I guess for now I should just forget about it as I don't even have any diagnosis yet.

#6 Daven

Daven

    Advanced Member

  • Members
  • PipPipPip
  • 411 posts
  • LocationNorthern Virginia

Posted 13 October 2013 - 08:58 PM

Pong came out over 40+ years ago.



#7 Jlc

Jlc

    Advanced Member

  • Members
  • PipPipPip
  • 115 posts

Posted 13 October 2013 - 09:04 PM

Pong has been out for 40 years??? Wow!


Beau's Mom... Just when did you start having symptoms?

#8 Daven

Daven

    Advanced Member

  • Members
  • PipPipPip
  • 411 posts
  • LocationNorthern Virginia

Posted 13 October 2013 - 11:13 PM

41 to be exact.  It was the first video arcade game.


Edited by Daven, 13 October 2013 - 11:14 PM.


#9 Beau's Mom

Beau's Mom

    Advanced Member

  • Members
  • PipPipPip
  • 1,520 posts
  • LocationSeattle, WA

Posted 14 October 2013 - 11:36 AM

My first symptoms, slight hand tremor on the left and the RAS, and constipation began between age 26 and 28 (1977-1979).


Dianne

I am not a human being trying to have a spiritual experience; I am a spiritual being having a (sometimes difficult) human experience.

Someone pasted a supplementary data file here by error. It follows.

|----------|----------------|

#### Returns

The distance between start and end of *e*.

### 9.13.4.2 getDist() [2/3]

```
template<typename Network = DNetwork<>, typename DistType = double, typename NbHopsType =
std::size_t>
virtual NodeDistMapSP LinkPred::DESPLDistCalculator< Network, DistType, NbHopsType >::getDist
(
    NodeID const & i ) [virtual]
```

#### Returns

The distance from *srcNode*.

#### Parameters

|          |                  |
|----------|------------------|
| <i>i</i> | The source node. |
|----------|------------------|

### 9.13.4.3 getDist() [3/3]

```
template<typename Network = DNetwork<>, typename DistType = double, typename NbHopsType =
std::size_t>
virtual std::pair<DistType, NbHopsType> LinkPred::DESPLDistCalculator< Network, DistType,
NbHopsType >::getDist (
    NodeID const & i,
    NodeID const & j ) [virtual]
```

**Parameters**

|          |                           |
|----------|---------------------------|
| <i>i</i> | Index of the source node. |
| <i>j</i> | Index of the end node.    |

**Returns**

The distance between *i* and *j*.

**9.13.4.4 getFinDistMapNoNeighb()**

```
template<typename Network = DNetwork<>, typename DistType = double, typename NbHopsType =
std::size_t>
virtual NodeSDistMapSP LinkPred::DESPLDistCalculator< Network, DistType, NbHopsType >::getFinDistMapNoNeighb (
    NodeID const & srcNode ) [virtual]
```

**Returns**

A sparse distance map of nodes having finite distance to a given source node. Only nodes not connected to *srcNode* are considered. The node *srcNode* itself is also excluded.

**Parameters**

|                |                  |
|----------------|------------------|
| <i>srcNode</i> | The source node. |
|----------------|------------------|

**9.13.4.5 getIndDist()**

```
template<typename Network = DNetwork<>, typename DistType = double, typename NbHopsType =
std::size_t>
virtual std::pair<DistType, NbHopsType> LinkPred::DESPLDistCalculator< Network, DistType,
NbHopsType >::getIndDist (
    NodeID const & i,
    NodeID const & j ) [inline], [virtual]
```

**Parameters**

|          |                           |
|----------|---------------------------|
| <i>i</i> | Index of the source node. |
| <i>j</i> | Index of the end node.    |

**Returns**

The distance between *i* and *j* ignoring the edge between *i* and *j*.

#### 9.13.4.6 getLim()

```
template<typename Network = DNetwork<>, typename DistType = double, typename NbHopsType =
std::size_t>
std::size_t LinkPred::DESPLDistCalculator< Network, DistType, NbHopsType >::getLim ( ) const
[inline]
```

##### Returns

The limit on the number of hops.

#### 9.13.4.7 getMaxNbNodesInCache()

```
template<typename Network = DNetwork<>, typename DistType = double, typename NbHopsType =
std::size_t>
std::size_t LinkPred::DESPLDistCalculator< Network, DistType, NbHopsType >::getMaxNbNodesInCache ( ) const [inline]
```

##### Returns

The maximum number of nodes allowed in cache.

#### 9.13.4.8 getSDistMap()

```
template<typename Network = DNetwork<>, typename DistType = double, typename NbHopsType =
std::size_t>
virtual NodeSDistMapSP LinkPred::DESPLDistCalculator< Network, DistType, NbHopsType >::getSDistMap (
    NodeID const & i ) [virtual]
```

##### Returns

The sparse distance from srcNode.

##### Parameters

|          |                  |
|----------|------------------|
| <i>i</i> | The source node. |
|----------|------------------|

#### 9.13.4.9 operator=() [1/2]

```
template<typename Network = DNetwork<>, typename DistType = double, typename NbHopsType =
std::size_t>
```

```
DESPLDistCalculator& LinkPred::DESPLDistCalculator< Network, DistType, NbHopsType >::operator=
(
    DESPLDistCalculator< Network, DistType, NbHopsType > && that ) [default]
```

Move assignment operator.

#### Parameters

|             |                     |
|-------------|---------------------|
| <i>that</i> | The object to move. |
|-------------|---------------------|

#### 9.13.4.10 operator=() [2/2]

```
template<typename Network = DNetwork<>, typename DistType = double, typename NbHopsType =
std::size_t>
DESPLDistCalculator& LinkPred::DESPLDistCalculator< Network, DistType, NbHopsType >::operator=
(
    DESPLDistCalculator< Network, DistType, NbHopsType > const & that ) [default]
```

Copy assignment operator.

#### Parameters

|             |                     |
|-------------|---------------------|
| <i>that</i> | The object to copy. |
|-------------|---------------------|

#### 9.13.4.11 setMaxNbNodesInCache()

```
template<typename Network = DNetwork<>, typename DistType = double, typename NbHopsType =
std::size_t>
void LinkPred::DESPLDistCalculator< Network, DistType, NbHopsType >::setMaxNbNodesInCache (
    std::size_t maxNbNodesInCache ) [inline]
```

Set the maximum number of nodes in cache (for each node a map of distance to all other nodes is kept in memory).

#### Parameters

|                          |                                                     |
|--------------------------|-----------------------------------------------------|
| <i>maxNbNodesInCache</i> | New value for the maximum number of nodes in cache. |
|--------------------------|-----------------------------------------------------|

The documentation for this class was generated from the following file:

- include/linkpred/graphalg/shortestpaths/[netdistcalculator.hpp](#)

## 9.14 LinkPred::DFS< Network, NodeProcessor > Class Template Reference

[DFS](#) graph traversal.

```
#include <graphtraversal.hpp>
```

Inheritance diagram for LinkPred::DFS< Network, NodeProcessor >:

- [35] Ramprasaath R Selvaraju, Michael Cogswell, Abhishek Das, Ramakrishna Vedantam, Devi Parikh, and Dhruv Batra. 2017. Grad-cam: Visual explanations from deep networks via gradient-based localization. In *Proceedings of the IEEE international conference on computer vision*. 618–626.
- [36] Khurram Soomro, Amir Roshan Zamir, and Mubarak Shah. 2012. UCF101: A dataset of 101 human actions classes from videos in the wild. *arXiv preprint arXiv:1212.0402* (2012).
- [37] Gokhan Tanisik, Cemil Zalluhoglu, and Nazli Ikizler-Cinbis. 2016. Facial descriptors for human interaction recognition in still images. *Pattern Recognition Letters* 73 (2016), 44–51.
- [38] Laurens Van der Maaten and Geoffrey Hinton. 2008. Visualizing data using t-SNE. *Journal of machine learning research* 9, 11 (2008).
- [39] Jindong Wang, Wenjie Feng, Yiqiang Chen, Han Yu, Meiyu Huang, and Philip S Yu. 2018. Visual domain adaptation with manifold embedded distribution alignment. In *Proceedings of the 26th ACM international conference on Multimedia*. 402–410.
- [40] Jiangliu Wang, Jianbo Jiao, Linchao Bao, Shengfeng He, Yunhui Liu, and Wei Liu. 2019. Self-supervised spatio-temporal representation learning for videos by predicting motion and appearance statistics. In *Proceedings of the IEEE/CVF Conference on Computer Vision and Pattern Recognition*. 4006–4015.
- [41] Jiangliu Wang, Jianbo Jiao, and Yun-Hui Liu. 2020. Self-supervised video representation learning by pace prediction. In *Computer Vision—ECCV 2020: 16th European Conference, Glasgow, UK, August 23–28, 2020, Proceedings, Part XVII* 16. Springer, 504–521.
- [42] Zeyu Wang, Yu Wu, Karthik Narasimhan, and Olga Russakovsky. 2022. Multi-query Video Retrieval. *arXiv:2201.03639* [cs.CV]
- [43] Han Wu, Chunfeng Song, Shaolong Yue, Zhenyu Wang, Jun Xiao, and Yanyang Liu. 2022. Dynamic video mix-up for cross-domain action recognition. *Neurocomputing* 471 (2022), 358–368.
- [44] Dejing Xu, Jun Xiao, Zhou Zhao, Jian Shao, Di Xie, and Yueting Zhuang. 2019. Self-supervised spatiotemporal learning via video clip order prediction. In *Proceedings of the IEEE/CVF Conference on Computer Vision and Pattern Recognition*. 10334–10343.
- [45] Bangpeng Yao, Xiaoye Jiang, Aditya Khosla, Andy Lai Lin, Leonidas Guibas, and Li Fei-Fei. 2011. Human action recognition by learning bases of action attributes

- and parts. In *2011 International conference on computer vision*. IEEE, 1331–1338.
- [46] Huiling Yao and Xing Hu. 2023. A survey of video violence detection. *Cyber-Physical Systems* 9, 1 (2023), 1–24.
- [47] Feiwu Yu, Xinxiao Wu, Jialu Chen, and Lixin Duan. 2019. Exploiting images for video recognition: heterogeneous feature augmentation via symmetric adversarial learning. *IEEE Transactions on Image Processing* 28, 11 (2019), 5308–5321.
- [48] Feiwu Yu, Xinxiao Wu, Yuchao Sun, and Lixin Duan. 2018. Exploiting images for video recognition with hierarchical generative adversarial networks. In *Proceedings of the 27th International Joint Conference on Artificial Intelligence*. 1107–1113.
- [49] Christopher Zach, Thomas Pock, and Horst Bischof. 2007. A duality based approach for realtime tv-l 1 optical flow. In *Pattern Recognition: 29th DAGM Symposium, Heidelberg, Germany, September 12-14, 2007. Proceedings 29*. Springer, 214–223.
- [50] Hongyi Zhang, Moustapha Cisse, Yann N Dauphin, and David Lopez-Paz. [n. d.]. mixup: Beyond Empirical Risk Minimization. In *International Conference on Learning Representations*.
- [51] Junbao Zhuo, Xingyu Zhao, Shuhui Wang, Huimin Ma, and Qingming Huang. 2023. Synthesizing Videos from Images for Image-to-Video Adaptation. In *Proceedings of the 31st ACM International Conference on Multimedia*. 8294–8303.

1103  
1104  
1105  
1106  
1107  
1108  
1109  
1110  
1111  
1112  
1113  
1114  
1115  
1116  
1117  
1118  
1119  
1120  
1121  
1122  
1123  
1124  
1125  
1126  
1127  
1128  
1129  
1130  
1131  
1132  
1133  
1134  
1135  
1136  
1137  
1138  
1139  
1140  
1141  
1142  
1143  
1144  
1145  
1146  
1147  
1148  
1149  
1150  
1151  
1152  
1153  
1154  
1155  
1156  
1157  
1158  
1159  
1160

#10 Jlc

Jlc

    Advanced Member

  • Members
  • PipPipPip
  • 115 posts

Posted 14 October 2013 - 11:53 AM

Interesting, that is around my age now. You seem to be doing well (still able to type and still in good spirits). Do you hope to get Duodopa pump at some point? I have read that you are not able to get DBS (that's a shame). I'm sure that in the next 5 to ten years there will be large leaps and bounds for PD treatment, and maybe, if everyone is extremely lucky, a cure in 5-10 years. 

 

Do you have any advice for someone who is not yet diagnosed but everything points in the direction of PD? Do you have any tips that have helped you along the way?

 

Thanks so much and it's a pleasure to meet you. 

 

James



#11 Beau's Mom

Beau's Mom

    Advanced Member

  • Members
  • PipPipPip
  • 1,520 posts
  • LocationSeattle, WA

Posted 14 October 2013 - 08:56 PM

I guess I would have to say I'm grateful that I learned what I'd been suffering through only in hindsight. If I'd know ahead of time, with my capital O llttle cd (Ocd), I'm sure I would have been a mess. I glad I had a good deal of life skills developed by the time I was diagnosed. Oh, for the years when I was blissfully unaware of the huge scythe hanging near my neck!

 

Don't sweat the small stuff. When you hit big losses, grieve them instead of running from your feelings. It's stuffing your feelings that will kill you quicker than trying to deny them, because grief releases stress. while resistance increases it. Plan for the worst but expect the best. And one of my favorites, from a church readerboard in Texas in 1983:  Why pray when you can worry?


Dianne

I am not a human being trying to have a spiritual experience; I am a spiritual being having a (sometimes difficult) human experience.




0 user(s) are reading this topic

0 members, 0 guests, 0 anonymous users